The following article was published just before the Iraq war in The Hindu, a national newspaper of India. While the report is said to be "speculation," I include it here because it matches, better than my expectations, the picture of the anti-Christ's intrusions into Iraqi affairs as per Daniel 11:21-23. This is not to say that Primakov or Putin is the Gog/anti-Christ, necessarily, but that the anti-Christ won't fulfill the prophecy much better. Like Primakov as portrayed below, the anti-Christ will use intrigues bent on usurping the Iraqi leadership:

Russian plan for Saddam exit
By Atul Aneja
MANAMA FEB. 26 [2003]. In holding discussions with the Iraqi President, Saddam Hussein, over the weekend, the former Russian Prime Minister, Yevgeny Primakov, may have proposed a realistic formulation that could help in averting a U.S.-led attack on Baghdad...

For Mr. Primakov, his talks were in some ways a replay of 1991 when he had been asked to undertake a trouble-shooting mission by Moscow, to ward off the first Persian-Gulf war. The former Russian Premier, who was also the one-time chief of the KGB, is a West Asia expert and is known to be Mr. Hussein's personal friend.

There is considerable speculation in diplomatic circles in the region about the specific proposals that Mr. Primakov brought before Mr. Hussein on behalf of the Russian President, Vladimir Putin. But according to one view, Mr. Primakov addressed the question of Iraqi disarmament and explored the possibility of ensuring Mr. Hussein's honourable departure from the Iraqi centre-stage. Mr. Primakov, in his effort to address the question of Iraqi disarmament and "regime change", started with the assumption that Mr. Hussein would not accept voluntary exile as an option to defuse the crisis...

Without seeking his voluntary exile, it is likely that Mr. Primakov proposed to Mr. Hussein that he could continue as Iraq's figurehead President for another year.

But during this time-frame, he should consider appointing a new interim authority where all Iraqis, including some of those who were at present in exile, were represented.

This body, in turn, needed to draft a new democratic constitution and hold fresh elections.

Mr. Hussein, after the lapse of a year, could retire by choosing to reside in one his palaces under an international guard. While his movements thereafter would become circumscribed, Mr. Hussein's financial assets, under this arrangement would continue to remain protected.

Russia is expected to launch a diplomatic offensive to "sell" these ideas, especially to Germany, France and the United States, in case Mr. Hussein finds the broad thrust of these proposals acceptable.

Note the article claims that the "figurehead" offer to Saddam was made higher up by Russian President, Putin. Thus, Russia seems to be in the midst of manipulating the Iraqi regime, to secure a Russia-friendly check the pro-West regime desired by George Bush. The timing of Primakov's visit to Saddam, weeks before the start of the Iraq war, could reflect the obvious, that Russia hopes to secure a pro-Russia regime before George Bush can win the war and install his choice.

One wonders how great a motivator the Russian-Iraqi alliance was for Bush when deciding (in 2002) to send a fighting force to Iraq. Putin's deals with Saddam had included a 40-billion dollar bargain (in August of 2002) that gave Russian companies the green light to repair and enhance Iraq. That deal amounted to such solid Russian-Iraqi cooperation that promises of huge oil deals between Saddam and France were canceled and offered to Russian firms instead (before the end of 2002). These Russian intrusions into Iraqi industry were shoring up Saddam at the very time that President Bush was seeking to undermine him.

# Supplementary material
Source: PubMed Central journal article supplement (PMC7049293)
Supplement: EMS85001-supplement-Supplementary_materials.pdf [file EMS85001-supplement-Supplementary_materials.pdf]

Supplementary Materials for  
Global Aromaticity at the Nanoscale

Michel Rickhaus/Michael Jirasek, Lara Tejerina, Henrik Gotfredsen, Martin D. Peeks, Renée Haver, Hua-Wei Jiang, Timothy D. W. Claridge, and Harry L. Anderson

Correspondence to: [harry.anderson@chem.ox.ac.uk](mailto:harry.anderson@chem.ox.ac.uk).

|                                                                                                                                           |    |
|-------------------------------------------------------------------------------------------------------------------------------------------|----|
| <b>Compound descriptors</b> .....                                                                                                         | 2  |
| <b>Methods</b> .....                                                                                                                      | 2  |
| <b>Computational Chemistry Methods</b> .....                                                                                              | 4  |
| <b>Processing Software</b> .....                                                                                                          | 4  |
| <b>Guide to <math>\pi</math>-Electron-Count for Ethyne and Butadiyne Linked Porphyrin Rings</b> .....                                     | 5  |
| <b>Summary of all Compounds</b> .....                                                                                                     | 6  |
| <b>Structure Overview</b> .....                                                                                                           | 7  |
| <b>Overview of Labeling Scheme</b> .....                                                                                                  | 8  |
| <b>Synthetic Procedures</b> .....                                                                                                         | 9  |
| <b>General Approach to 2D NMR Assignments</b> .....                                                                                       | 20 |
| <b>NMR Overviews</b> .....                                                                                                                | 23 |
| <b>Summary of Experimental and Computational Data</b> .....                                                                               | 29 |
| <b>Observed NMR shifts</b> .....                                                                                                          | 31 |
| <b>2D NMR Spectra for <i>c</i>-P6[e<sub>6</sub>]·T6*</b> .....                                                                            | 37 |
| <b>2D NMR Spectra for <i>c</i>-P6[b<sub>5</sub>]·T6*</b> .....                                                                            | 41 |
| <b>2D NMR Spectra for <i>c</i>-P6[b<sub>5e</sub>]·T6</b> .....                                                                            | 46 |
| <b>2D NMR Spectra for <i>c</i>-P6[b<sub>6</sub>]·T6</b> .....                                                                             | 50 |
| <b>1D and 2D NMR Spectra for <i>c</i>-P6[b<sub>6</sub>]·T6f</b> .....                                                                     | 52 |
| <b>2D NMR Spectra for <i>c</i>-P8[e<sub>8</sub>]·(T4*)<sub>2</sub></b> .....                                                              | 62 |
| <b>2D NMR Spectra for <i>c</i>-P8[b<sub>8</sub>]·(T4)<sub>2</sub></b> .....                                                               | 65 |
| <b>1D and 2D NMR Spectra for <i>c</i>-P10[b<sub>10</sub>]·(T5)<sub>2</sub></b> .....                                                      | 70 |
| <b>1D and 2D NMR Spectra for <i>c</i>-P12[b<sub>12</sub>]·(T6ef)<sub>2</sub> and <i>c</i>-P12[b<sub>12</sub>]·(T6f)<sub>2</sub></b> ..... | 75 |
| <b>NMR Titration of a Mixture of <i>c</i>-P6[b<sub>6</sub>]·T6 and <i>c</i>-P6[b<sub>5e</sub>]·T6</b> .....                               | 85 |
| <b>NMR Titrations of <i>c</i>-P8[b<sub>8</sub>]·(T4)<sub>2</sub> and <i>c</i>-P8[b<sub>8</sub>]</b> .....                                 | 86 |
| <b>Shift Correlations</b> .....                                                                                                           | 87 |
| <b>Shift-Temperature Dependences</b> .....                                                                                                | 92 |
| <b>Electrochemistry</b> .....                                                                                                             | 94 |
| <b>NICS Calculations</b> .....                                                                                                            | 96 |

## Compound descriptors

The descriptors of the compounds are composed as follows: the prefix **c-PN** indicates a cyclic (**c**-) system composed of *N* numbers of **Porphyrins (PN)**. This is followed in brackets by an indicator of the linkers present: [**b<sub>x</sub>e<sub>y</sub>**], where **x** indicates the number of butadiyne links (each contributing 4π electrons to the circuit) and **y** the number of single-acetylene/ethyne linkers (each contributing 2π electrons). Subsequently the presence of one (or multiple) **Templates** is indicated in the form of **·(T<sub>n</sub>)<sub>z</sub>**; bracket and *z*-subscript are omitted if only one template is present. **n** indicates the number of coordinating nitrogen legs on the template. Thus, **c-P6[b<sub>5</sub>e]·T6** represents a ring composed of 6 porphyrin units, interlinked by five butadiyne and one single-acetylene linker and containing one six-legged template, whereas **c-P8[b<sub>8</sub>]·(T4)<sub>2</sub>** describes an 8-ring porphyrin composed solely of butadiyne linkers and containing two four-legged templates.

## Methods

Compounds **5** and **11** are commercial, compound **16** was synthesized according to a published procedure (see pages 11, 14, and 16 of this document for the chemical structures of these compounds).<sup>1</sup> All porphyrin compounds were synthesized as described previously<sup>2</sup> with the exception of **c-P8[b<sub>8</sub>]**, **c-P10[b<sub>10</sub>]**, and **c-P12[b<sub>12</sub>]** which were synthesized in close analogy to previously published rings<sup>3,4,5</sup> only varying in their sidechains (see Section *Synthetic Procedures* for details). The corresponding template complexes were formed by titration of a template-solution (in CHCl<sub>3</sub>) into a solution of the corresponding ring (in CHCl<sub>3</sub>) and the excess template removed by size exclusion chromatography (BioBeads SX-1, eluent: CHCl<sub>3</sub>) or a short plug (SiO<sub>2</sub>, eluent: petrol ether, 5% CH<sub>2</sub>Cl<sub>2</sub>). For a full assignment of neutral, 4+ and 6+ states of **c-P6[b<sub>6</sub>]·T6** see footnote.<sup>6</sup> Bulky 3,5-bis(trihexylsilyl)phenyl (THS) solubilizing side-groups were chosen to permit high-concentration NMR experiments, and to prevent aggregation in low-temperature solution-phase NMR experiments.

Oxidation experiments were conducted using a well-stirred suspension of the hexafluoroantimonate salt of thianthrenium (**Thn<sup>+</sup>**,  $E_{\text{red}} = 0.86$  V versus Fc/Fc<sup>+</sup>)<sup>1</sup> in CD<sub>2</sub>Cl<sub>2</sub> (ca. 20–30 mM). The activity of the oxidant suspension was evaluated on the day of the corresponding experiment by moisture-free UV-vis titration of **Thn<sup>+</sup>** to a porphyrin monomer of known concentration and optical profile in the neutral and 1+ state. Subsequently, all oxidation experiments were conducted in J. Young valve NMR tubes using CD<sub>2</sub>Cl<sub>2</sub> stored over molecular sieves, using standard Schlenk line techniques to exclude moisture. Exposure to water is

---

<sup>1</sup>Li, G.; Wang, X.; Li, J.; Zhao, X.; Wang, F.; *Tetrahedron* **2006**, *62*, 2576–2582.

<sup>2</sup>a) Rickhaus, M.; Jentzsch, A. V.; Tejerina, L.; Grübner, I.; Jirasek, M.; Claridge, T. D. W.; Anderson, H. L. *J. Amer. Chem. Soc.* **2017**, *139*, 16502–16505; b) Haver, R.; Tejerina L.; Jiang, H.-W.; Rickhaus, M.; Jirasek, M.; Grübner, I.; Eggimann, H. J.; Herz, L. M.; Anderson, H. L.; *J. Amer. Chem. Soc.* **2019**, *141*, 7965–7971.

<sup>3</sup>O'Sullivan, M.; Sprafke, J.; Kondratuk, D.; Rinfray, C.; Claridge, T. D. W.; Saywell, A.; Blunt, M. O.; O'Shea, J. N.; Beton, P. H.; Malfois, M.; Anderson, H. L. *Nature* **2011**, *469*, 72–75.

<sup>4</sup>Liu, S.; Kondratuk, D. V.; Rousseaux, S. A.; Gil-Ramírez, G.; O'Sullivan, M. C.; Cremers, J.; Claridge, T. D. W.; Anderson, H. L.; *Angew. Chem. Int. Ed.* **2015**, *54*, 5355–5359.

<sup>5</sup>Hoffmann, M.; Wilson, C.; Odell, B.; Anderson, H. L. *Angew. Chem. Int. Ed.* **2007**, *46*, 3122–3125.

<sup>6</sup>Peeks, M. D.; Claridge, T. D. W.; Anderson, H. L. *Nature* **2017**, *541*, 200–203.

What will Russia now do in order to protect its great trade interests with Iraq? Some Russian military commanders are already speaking fighting words against the American-led coalition. One certainty is that Russia will seek United-Nations assistance to secure a new regime that will not capitulate on previous trade committments. The Americans--if indeed they do set up their pro-West regime--would be inclined "stick it" to the Russians seeing that they have been the mother of all pickles in the war effort.

If the Russians fail to get their way using the UN, there is yet the option to act unilaterally (apart from UN involvement) with the tatters of the Iraqi regime. When that regime is finally led by the Biblical Gog, it would nonetheless be answerable to UN oversight...which of course will not permit Gog to raid the Middle East.

Therefore, it is predictable on the one hand that Gog will fulfill the military prophecies against the will of the UN, and on the other hand it's not predictable whether the official Russian leaders will stay true to UN authority (or side with Gog, secretly or otherwise). If there will be a loyal partnership between Gog and the official Russian leaders, those leaders will feign loyalty to UN oversight of the Iraqi situation.

Iraqi Leader: Belarus Helped Iraq
By Judith Ingram
The Associated Press, May. 7, 2003. Page 2
...[Vremya Novostei] Allawi is one of five anti-Hussein leaders with whom U.S. officials have been consulting over the formation of Iraq's interim government, and he is expected to be one of that government's leaders... Allawi alleged that some Russians had "severely harmed the Iraqi people," and pointed in particular to former Prime Minister Yevgeny Primakov, whom he accused of defending Hussein "for personal profit"..."We have almost full certainty that Primakov received certain sums from Saddam for this [defending him]," Allawi said, without elaborating. The interview, which Vremya Novostei political columnist Yelena Suponina conducted in Baghdad, did not say what Allawi's allegations were based on. Speculation about Primakov's alleged self-interest in Iraq have floated around for years. (Full Story at